Petty theft involves the taking of property or certain services valued at less than $950. One of the most common forms of petty theft is shoplifting. It’s not a major crime, but can still cause real problems for anyone charged with an offense under California Penal Code sections 484(a) and 488.
Learn more about the elements and penalties of petty theft, and possible legal defenses against this charge.
Under California Penal Code Sections 484(a) and 488, petty theft is defined as any theft that:
- Involves the taking of property with a value of $950 or less
- Is not the theft of property directly from another person, such as robbery
- Does not involve the theft of a car, gun, horse, or fruit/nuts/fish/shellfish valued at over $250
Elements of the crime of petty theft
In order to convict a defendant of petty theft, the prosecution must prove the following four elements:
- The defendant wrongfully took property belonging to another
- The property was valued at $950 or less
- The property was taken without the owner’s consent
- It was taken with the intent to permanently deprive the owner of the property
For example, if a customer placed her cell phone on the counter of a coffee shop while paying for her order and it was taken by another person who then left the shop, the person who took the phone could potentially be charged and convicted of petty theft.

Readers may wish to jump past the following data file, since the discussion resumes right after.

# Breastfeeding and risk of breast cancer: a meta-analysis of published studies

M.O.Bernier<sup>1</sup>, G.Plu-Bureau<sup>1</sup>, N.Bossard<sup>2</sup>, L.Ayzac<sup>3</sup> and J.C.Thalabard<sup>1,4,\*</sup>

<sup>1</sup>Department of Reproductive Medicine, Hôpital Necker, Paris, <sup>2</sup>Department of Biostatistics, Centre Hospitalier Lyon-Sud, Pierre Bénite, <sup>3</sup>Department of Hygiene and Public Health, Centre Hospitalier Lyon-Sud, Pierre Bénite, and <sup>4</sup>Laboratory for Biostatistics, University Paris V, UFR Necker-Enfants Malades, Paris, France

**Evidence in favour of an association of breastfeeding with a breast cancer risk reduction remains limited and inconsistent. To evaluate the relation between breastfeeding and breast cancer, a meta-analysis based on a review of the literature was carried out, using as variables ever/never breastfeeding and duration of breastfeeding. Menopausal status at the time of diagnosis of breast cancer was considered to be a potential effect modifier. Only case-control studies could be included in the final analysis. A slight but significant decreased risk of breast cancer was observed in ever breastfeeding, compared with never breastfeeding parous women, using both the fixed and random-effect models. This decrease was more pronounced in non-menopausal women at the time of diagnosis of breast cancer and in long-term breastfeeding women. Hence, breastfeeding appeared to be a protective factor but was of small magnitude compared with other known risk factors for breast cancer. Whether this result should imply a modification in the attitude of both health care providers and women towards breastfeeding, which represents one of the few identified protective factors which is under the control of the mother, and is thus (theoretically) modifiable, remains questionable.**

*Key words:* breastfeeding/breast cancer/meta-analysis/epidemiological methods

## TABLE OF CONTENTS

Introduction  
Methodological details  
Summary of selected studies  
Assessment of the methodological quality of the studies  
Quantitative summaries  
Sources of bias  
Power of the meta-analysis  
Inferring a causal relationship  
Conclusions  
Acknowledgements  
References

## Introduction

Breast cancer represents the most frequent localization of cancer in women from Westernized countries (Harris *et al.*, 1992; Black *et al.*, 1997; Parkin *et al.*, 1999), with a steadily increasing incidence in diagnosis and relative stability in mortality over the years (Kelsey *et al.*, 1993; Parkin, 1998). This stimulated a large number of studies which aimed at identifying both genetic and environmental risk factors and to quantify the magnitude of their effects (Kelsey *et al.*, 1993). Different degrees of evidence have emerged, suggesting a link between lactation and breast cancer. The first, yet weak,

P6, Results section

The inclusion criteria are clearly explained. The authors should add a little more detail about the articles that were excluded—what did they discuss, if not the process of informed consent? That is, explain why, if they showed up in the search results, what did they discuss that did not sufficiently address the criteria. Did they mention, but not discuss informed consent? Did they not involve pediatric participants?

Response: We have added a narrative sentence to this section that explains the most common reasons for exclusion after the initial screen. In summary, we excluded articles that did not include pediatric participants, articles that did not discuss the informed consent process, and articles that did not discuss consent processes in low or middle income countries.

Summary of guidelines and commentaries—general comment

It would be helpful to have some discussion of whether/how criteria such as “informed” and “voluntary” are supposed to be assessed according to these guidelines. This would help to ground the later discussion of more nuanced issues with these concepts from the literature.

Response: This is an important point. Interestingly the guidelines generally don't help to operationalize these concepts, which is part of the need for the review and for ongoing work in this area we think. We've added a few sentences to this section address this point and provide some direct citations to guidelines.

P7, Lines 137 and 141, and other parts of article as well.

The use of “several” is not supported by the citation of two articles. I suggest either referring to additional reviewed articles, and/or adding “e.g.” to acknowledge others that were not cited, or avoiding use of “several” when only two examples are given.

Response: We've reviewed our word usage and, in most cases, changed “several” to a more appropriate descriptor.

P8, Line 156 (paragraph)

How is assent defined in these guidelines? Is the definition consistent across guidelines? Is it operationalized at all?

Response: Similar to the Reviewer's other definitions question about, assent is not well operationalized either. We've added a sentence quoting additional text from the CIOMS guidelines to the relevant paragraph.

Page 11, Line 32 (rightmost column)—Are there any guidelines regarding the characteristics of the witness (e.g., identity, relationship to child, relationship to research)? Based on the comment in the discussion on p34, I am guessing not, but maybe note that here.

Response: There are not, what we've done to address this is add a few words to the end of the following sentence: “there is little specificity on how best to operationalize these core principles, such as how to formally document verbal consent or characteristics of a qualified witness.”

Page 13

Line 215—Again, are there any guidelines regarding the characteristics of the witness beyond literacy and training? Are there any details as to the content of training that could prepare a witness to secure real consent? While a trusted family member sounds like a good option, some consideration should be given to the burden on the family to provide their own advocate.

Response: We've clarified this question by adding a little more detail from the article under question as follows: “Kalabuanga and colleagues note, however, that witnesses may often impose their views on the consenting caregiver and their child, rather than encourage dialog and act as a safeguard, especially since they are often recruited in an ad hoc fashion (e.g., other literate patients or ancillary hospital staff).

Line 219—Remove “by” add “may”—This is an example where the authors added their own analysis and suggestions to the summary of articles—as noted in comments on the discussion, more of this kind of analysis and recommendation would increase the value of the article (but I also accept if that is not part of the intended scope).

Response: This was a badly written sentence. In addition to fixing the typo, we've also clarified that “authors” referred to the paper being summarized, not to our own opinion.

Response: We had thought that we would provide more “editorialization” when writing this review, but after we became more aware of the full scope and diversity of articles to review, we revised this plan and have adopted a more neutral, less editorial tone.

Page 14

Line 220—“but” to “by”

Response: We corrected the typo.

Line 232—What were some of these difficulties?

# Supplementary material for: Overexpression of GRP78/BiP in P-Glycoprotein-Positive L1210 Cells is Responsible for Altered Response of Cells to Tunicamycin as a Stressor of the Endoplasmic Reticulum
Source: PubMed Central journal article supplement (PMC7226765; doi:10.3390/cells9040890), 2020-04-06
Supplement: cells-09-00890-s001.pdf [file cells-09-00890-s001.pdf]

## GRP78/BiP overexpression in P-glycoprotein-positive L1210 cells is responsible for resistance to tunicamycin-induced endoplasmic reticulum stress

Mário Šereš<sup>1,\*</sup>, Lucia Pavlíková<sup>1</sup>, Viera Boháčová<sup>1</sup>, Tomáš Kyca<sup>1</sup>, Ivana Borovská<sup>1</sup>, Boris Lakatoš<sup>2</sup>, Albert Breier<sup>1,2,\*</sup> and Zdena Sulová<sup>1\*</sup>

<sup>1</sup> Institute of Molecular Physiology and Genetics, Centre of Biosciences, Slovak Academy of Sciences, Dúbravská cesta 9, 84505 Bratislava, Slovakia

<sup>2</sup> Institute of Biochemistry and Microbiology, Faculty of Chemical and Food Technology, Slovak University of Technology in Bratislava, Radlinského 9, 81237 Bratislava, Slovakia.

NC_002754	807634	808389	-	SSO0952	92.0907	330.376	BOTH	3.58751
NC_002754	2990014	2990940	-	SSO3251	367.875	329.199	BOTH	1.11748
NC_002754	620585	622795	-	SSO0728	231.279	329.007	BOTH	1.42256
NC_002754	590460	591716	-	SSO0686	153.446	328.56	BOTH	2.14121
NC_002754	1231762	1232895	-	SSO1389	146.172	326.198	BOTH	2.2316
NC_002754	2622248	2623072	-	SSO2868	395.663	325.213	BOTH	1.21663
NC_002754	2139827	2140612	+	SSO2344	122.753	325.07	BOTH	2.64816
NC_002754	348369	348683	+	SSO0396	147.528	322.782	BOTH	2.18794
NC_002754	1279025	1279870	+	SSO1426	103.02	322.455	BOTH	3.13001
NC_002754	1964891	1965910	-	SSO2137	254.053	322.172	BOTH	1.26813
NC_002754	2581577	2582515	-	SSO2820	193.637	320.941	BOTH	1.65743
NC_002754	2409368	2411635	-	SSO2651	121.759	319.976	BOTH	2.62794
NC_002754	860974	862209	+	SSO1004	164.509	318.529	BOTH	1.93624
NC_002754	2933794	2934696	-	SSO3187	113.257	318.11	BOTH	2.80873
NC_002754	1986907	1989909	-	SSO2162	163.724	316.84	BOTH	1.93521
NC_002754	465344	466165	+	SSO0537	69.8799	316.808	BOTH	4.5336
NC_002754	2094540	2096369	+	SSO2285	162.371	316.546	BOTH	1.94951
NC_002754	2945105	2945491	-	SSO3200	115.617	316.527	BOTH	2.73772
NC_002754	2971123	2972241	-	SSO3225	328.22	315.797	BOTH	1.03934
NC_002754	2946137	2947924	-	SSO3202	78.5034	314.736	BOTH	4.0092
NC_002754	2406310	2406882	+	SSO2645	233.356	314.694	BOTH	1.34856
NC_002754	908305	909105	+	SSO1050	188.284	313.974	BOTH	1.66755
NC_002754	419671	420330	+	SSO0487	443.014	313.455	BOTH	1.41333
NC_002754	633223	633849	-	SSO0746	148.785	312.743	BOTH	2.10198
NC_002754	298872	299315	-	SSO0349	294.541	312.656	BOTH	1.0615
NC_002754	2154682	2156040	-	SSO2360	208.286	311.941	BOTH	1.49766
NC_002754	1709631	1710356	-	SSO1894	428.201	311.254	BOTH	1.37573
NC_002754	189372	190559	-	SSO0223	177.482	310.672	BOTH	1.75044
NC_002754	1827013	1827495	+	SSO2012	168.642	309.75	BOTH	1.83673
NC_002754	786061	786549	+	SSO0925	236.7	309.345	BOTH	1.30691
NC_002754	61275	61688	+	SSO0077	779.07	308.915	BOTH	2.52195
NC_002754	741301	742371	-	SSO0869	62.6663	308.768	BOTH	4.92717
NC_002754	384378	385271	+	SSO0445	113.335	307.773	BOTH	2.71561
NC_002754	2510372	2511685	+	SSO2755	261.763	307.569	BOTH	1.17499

Additional types of petty theft
Many petty theft charges are a result of shoplifting, also called petty theft by larceny. An additional element of larceny involves moving the property—even a short distance—and keeping it for any amount of time. For example, if someone takes an article of clothing off a hanger in a store and puts it in her purse, but then decides to put it back, she could potentially be charged with larceny. It can be argued that her actions indicate she had the intent to steal, because she concealed and moved the property, even though she did not follow through on the theft.
Petty theft can also be committed by false pretense, which involves deceiving a property owner; by trick, which is telling a lie or tricking a person into willingly handing over their property; or by embezzlement, unlawfully taking property—usually money—that was entrusted to the accused.
Examples of these crimes include switching a price tag to pay less for an item (trick), using a stolen credit card to purchase an item from a store (false pretenses), or failing to ring up a sale at work and pocketing the cash (embezzlement).
While petty theft originally applied to physical objects, in California, petty theft can also include the theft of gas, water, electricity, and computer services—which are valuable items that can be purchased or sold—as long as the value is under $950.
Penalties for petty theft
In California, petty theft is a misdemeanor that is punishable by up to six months in jail, a fine of up to $1,000, restitution, and/or restraining or “stay away” orders. If the theft involved property valued at less than $50, the prosecutor can reduce the offense to an infraction with only a $250 fine.
Legal defenses to a charge of petty theft
There are many potential legal defense to a charge of petty theft. Only an attorney can examine the facts of a case and advise which strategy would be most effective. However, here are three common defenses:
Claim of right
This defense applies when the person accused of taking the property believed they actually had the right to possess the property in question.
Lost or misplaced property
Someone who found lost or misplaced property and kept it may not be guilty of theft if their intent was to find the real owner.
No intent to permanently deprive
If a person had another person’s property and intended to return it to the owner within a reasonable period of time, it would not be petty theft.